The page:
Cracks appear in Iranian regime’s cover-up of its crimes

Cracks appear in Iranian regime’s cover-up of its crimes

Cracks appear in Iranian regime’s cover-up of its crimes
Supporters of the People's Mojahedin Organization of Iran protest outside Stockholm's district court on the first day of the trial of Hamid Nouri on Aug. 10, 2021. (AP)
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The chief of the UN’s nuclear watchdog, the International Atomic Energy Agency, this week left Iran without reaching a deal on an inspections regime. But the Islamic Republic is not only covering up its nuclear weapons ambitions — for more than three decades, the extremist theocracy has tried to cover up one of its most serious crimes against humanity.

In what became known as the 1988 massacre, the Tehran regime carried out the systematic killing of thousands of dissidents and opposition activists. Ultimately, an estimated 30,000 people lost their lives in the brutal massacre. But a court in Sweden now appears to be ending the regime’s cover-up.

In November 2019, the Swedish authorities arrested a man, Hamid Noury, who is believed to have been involved in the 1988 massacre. In July, after 21 months of investigation, prosecutors at Stockholm District Court issued an indictment against him. His trial began the following month and a verdict is expected in April next year. Over the course of the investigations and trial, members and supporters of the opposition group the National Council of Resistance of Iran, who were witnesses to Noury’s alleged crimes, gave evidence to the Swedish authorities, including providing significant documentation. Most of the 35 plaintiffs in Noury’s case were supporters of the opposition. Many claim to have witnessed him in the so-called “death corridor” at Gohardasht Prison, where prisoners were lined up to be taken to the execution hall.

Noury was said to have been involved in brutal torture and, on some occasions, personally participated in the executions

Dr. Majid Rafizadeh

It is believed that thousands of political prisoners were massacred in Gohardasht Prison in the summer of 1988 based on a fatwa (religious decree) issued by then-Supreme Leader Ayatollah Khomeini. None of the victims had been sentenced to death but were summarily hanged because they remained steadfast in their beliefs and democratic ideals. Members of the opposition made up the overwhelming majority of the 30,000 victims, particularly because they advocated a democratic and tolerant reading of Islam that contradicted the extremist mullahs’ fundamentalist ideology. For this reason, many legal experts view the 1988 massacre to be a case of genocide.

The Swedish court this month temporarily moved Noury’s trial to Albania to hear from seven members of the opposition who reside at the Ashraf 3 camp, near the town of Durres. Presiding Judge Radmannen Tomas Zander said: “Given the importance of these testimonies for the case, all the six judges, two prosecutors, lawyers for the plaintiffs, will all go to Albania.” The detailed and graphic testimonies of the seven witnesses from Ashraf 3, who gave first-hand information about the atrocities and mass executions that occurred in Gohardasht, shocked the court.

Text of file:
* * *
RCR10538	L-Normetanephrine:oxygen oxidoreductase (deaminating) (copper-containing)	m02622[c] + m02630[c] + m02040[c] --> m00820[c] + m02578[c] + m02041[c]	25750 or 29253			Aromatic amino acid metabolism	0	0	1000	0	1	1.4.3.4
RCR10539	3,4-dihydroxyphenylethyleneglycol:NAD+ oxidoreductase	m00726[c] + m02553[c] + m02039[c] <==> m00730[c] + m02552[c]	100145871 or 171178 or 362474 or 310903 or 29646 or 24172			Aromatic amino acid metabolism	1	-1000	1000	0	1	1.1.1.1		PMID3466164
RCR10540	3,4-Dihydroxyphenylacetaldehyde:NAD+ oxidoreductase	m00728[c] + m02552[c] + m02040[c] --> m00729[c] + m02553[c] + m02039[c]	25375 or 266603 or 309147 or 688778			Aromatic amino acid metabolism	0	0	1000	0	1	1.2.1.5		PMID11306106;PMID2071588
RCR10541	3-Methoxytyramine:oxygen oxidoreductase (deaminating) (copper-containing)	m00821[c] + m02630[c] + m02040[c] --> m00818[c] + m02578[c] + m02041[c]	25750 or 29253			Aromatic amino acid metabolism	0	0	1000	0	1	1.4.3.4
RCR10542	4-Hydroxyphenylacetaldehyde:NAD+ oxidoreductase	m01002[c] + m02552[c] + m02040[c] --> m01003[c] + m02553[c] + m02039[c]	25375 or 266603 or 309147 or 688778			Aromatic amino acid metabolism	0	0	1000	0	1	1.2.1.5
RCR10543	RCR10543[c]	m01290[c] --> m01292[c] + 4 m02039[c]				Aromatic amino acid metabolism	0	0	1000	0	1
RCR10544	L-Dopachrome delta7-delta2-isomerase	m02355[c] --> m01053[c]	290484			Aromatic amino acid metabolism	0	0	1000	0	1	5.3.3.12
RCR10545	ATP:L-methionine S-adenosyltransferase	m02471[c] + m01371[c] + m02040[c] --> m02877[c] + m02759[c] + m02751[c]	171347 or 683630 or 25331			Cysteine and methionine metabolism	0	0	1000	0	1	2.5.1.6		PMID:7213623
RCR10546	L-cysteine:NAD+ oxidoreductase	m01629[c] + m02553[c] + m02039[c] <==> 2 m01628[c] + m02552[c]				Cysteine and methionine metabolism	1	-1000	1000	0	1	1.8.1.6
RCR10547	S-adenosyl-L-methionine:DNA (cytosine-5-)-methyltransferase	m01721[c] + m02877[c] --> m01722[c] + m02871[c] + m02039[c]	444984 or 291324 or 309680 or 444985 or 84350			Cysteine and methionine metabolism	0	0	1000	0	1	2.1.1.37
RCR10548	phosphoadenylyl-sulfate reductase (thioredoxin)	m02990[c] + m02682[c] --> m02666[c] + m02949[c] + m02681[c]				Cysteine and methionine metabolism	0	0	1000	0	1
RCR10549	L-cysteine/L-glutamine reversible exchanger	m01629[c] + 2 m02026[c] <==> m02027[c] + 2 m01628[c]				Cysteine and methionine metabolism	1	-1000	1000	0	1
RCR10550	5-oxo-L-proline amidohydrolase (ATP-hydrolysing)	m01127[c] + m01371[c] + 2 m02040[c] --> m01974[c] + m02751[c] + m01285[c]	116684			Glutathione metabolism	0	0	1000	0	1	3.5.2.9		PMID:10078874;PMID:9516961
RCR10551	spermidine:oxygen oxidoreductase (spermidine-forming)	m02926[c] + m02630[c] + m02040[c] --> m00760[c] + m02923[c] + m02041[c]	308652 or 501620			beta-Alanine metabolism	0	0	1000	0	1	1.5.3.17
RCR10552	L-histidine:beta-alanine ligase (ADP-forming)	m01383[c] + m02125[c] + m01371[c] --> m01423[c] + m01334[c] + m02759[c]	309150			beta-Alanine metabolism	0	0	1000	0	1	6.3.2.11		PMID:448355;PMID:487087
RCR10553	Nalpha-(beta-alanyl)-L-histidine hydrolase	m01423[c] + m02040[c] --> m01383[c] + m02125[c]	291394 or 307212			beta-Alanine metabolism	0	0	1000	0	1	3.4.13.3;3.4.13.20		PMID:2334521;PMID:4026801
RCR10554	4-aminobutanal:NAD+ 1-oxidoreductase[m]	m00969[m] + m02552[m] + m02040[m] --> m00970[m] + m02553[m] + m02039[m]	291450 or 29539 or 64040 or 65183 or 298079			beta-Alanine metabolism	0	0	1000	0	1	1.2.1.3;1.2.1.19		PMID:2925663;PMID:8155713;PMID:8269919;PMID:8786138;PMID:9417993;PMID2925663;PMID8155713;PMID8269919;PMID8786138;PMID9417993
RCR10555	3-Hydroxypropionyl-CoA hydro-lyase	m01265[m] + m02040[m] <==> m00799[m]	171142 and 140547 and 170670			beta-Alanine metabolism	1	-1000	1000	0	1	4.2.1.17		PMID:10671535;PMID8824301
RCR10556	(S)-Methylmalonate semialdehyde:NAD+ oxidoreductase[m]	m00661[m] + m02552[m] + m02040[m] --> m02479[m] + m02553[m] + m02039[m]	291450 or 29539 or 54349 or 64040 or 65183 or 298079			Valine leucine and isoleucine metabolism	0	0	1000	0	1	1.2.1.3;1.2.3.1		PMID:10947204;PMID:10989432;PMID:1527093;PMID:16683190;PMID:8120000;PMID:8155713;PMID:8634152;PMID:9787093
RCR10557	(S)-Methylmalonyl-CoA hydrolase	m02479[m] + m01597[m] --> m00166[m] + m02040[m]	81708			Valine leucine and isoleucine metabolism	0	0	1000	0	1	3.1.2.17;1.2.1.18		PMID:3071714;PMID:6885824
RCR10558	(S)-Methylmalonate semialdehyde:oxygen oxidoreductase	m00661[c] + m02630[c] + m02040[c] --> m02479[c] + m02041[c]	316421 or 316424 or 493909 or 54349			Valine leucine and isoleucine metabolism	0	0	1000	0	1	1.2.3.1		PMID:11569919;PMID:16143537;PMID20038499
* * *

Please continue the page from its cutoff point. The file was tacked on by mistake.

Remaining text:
It is intriguing that the proceedings were widely reported by the media, including several Farsi-language satellite channels that broadcast into Iran. The evidence and accounts provided by the witnesses were extraordinarily grim and disturbing. Noury was said to have been involved in brutal torture and, on some occasions, personally participated in the executions.

Noury’s trial focuses purely on events in Gohardasht Prison because that is where he is accused of participating in the systematic killings. But it is likely the 1988 massacre was being conducted in prisons across the country, including the infamous Evin Prison in Tehran. This is why families of the victims are advocating for a broader investigation into the events of 1988, particularly by the UN.

In fact, their advocacy has recently garnered wider attention and focus, particularly after one of the main alleged perpetrators of the 1988 massacre, Ebrahim Raisi, was in August installed as Iran’s new president. Amnesty International’s Secretary-General Agnes Callamard said in June: “That Ebrahim Raisi has risen to the presidency instead of being investigated for the crimes against humanity of murder, enforced disappearance and torture is a grim reminder that impunity reigns supreme in Iran.” She claimed that Raisi was “a member of the ‘death commission’ which forcibly disappeared and extrajudicially executed in secret thousands of political dissidents in Evin and Gohardasht prisons near Tehran in 1988.”

This case is so significant that Iranian Foreign Minister Hossein Amir-Abdollahian raised serious concerns about it in a meeting with his Swedish counterpart on the fringes of the UN General Assembly in September. He said that the opposition had “fabricated” the evidence. Similar claims will likely be made by Noury himself next week, when he is due to give evidence. Noury will no doubt attempt to justify the crimes he committed by trying to tarnish the NCRI’s image.

It is now incumbent on the media and the international community to ensure that the basic demand of thousands of families who lost loved ones during the 1988 massacre is fulfilled by holding the main perpetrators accountable for their crimes against humanity, particularly Raisi and current Supreme Leader Ali Khamenei.

  • Dr. Majid Rafizadeh is a Harvard-educated Iranian-American political scientist. Twitter: @Dr_Rafizadeh
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